Montpelier, Vt. - Governor Phil Scott announced action on the following bills, passed by the General Assembly.
On June 12, Governor Scott signed bills of the following titles:
- H.31, An act relating to aquatic nuisance control
- H.67, An act relating to household products containing hazardous substances
- H.227, An act relating to the Vermont Uniform Power of Attorney Act
- H.414, An act relating to establishing an unused drug repository for Vermont
- H.479, An act relating to the Transportation Program and miscellaneous changes to laws related to transportation
When signing H.479, Governor Scott issued the following statement:
“This year’s T-Bill is the largest ever, making significant investments in Vermont’s infrastructure. It includes over $140 million for paving projects, covering more than 450 miles of improvements; $18.2 million for bicycle, pedestrian, and transportation alternatives program funding, going to 55 construction projects and the design of 37 additional projects across 77 Vermont communities; historic funding at $48.8 million for public transit; and $43 million in rail projects. It also takes important steps to reduce carbon emissions from the transportation sector by investing $27.9 million across multiple efforts, including expanding EV charging.
“I want to thank members of the transportation committees, especially committee chairs Senator Mazza and Representative Coffey, for their collaboration with my Administration on many initiatives. The investments made in this bill will benefit Vermonters for years to come.”
On June 12, Governor Scott allowed H.126, An act relating to community resilience and biodiversity protection, to become law without his signature and sent the following letter to the General Assembly:
June 12, 2023
The Honorable Betsy Ann Wrask
Clerk of the Vermont House of Representatives
115 State Street
Montpelier, VT 05633
Dear Ms. Wrask:
Today I’m allowing H.126, An act relating to community resilience and biodiversity protection, to become law without my signature.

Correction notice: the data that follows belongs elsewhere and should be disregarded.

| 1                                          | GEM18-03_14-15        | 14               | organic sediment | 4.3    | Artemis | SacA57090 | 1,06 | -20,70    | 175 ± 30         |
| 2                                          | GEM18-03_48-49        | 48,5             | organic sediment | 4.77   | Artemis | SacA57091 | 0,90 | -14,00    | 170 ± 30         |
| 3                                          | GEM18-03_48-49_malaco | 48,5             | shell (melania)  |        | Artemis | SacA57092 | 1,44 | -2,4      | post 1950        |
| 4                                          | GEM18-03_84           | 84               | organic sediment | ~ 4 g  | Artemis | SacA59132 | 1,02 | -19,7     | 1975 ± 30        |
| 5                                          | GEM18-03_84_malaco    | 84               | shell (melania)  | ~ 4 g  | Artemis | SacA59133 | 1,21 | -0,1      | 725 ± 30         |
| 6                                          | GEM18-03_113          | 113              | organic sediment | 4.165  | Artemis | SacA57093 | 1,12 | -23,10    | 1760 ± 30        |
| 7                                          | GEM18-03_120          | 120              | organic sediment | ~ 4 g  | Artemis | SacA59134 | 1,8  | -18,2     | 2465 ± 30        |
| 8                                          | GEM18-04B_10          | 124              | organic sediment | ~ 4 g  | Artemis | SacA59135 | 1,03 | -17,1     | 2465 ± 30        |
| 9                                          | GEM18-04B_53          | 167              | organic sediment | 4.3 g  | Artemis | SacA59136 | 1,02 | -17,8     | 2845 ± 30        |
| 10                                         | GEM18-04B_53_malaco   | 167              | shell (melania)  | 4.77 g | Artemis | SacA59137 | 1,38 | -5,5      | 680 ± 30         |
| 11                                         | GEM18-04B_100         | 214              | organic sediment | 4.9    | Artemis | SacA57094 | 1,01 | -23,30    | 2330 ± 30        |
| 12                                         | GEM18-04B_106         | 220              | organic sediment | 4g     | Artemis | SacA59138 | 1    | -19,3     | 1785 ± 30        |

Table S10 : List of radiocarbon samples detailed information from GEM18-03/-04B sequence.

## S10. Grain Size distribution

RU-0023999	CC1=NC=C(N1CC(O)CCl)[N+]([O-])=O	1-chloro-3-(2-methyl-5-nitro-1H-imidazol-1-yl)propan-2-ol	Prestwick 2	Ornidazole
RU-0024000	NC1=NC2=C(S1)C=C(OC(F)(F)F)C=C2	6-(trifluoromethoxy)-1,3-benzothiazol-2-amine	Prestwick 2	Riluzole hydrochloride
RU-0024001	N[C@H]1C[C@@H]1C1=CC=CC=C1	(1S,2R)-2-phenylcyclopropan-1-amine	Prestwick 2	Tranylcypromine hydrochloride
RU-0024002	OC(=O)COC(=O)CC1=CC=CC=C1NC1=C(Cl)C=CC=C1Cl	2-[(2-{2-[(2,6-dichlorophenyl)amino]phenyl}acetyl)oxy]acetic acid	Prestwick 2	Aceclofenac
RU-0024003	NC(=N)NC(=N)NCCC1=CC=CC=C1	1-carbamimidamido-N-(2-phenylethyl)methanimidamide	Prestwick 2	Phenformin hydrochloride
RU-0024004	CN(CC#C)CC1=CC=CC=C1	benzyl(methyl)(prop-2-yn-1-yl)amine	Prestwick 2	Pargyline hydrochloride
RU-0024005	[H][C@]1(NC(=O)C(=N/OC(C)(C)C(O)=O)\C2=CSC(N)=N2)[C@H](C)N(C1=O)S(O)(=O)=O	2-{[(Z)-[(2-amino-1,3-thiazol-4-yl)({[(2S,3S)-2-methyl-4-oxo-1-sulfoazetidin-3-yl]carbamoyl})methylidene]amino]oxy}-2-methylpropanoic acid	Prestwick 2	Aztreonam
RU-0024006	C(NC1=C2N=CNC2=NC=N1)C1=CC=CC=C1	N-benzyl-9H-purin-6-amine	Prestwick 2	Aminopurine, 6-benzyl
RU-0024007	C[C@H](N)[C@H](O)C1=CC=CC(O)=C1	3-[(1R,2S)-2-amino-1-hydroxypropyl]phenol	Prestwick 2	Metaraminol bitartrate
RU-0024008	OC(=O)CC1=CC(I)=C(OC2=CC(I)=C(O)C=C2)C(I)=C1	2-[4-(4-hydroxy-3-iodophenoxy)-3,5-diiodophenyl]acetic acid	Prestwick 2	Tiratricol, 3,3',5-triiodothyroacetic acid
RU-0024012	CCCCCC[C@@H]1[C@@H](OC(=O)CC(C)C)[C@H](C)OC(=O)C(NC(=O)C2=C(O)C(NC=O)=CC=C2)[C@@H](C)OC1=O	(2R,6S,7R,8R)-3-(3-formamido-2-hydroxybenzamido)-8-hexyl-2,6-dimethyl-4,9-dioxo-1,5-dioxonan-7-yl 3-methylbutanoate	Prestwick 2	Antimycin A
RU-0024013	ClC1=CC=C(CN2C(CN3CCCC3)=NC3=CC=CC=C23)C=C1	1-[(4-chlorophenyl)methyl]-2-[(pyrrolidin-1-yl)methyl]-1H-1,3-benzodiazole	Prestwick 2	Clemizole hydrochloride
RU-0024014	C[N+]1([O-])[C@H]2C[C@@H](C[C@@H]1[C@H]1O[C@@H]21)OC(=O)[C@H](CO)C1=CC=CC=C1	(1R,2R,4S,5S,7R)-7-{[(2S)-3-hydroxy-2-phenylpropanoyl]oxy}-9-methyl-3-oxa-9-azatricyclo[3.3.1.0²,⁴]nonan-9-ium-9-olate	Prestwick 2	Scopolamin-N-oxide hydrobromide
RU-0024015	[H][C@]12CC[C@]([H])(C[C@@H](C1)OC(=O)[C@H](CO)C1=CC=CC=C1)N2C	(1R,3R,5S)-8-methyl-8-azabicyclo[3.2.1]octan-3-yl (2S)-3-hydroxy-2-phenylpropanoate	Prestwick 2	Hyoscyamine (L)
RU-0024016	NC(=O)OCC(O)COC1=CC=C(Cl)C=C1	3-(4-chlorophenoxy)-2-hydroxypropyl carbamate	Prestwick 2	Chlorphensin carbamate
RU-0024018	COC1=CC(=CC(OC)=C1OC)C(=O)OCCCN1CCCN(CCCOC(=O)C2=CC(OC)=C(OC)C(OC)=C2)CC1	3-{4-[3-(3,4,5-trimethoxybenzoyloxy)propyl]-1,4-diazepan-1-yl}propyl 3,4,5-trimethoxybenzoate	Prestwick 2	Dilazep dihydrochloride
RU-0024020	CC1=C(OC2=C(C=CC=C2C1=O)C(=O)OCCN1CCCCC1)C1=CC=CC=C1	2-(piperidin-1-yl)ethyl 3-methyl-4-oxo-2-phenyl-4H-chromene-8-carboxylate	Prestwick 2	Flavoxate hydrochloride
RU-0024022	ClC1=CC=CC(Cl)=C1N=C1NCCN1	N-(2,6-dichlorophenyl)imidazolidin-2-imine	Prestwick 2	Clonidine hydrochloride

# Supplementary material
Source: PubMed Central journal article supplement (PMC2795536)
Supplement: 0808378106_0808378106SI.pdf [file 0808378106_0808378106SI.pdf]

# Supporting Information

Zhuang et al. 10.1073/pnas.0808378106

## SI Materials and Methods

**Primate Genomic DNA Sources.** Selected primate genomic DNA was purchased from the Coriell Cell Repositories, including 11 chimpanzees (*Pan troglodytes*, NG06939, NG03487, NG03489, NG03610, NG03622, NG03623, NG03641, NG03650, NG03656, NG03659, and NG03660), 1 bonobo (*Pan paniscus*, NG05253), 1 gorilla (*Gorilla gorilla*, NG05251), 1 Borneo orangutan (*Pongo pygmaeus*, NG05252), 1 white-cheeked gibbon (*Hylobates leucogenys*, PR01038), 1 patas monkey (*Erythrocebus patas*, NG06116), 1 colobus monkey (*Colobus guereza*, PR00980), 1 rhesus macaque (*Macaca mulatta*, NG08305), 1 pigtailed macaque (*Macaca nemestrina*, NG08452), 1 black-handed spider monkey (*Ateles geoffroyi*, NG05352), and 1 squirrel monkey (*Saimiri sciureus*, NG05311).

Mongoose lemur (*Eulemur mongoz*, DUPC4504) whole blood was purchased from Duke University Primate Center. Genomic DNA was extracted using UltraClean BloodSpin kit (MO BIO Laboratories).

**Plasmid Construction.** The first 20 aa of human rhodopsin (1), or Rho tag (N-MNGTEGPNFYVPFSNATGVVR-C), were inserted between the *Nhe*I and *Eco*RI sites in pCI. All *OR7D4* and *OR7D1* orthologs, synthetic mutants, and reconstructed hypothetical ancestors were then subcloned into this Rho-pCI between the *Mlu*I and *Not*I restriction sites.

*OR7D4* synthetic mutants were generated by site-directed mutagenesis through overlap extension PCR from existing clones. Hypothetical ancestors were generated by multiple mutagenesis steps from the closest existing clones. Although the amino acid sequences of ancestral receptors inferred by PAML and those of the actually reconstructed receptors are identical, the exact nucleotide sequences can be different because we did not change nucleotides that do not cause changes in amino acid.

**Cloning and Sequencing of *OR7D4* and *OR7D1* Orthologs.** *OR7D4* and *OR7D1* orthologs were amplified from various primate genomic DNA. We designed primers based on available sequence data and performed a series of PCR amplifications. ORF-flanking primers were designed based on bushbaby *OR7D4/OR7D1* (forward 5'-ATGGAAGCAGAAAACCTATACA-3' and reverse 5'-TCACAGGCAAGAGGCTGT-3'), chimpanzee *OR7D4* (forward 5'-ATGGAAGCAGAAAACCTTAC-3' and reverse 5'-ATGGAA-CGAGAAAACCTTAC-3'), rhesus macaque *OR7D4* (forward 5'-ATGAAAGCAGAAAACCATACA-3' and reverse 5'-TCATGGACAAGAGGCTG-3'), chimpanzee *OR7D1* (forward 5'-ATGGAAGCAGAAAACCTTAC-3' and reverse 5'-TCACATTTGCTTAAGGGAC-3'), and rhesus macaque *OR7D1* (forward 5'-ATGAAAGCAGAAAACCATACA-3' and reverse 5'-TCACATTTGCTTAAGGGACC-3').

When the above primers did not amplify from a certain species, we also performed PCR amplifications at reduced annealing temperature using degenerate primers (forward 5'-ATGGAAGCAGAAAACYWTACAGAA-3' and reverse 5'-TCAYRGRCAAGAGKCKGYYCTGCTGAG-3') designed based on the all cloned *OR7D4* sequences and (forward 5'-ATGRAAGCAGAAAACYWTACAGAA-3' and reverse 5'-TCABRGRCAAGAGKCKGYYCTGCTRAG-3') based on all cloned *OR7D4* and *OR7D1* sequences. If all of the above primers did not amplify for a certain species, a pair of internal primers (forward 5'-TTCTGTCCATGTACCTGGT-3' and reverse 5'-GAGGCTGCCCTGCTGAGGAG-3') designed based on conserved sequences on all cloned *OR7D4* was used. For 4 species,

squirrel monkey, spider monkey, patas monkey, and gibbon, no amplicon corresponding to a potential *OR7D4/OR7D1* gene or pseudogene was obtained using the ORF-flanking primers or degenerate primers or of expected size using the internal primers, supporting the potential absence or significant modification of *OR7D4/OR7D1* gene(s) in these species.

I appreciate the General Assembly worked with my Administration to address the concerns I raised last year in my veto message regarding H.606, An act relating to community resilience and biodiversity protection. This bill changed in ways that attempt to better align with ongoing conservation work in Vermont.
Unfortunately, in the effort to achieve flexibility, this bill incorporates findings which muddy the purpose and uses definitions so broad and vague as to be virtually meaningless. Which led me to consider a veto because it could be read to mean anything to anybody.
Instead, I’m letting this bill go into law because this bill puts the Agency of Natural Resources (ANR) in a stronger position to direct how state and federal conservation funding is targeted and prioritized in the future. ANR will oversee the efforts of the Vermont Housing Conservation Board (VHCB) as it works in partnership with ANR to develop inventories as well as strategy and implementation methods.
Importantly, ANR will be the clear lead in the effort to achieve our conservation goals with the understanding future growth is necessary and inevitable in Vermont.
This bill anticipates the need for housing and for the conservation plan to incorporate Smart Growth principles to ensure future conservation investment does not impede the buildout of areas the state has designated for growth. Balancing land protection and housing is core to the State’s future and this bill will allow ANR to work closely with VHCB to ensure this critical balance in the planning process.
Finally, ANR is positioned to interpret the bill’s unusually unclear definitions, through rulemaking if necessary, to allow a mix of strategies to include permanent tools like land purchases and conservation easements, as well as other land protection mechanisms that help achieve the bill’s goal of an ecologically functional and connected landscape such as the State’s Current Use program and other innovative market-based conservation tools.
The bottom line is I’m allowing this bill to go into law because in this case, the Legislature has appropriately given this task to an Agency of the Executive Branch that will be accountable to Vermont’s taxpayers.
Philip B. Scott
To view a complete list of action on bills passed during the 2023 legislative session, click here.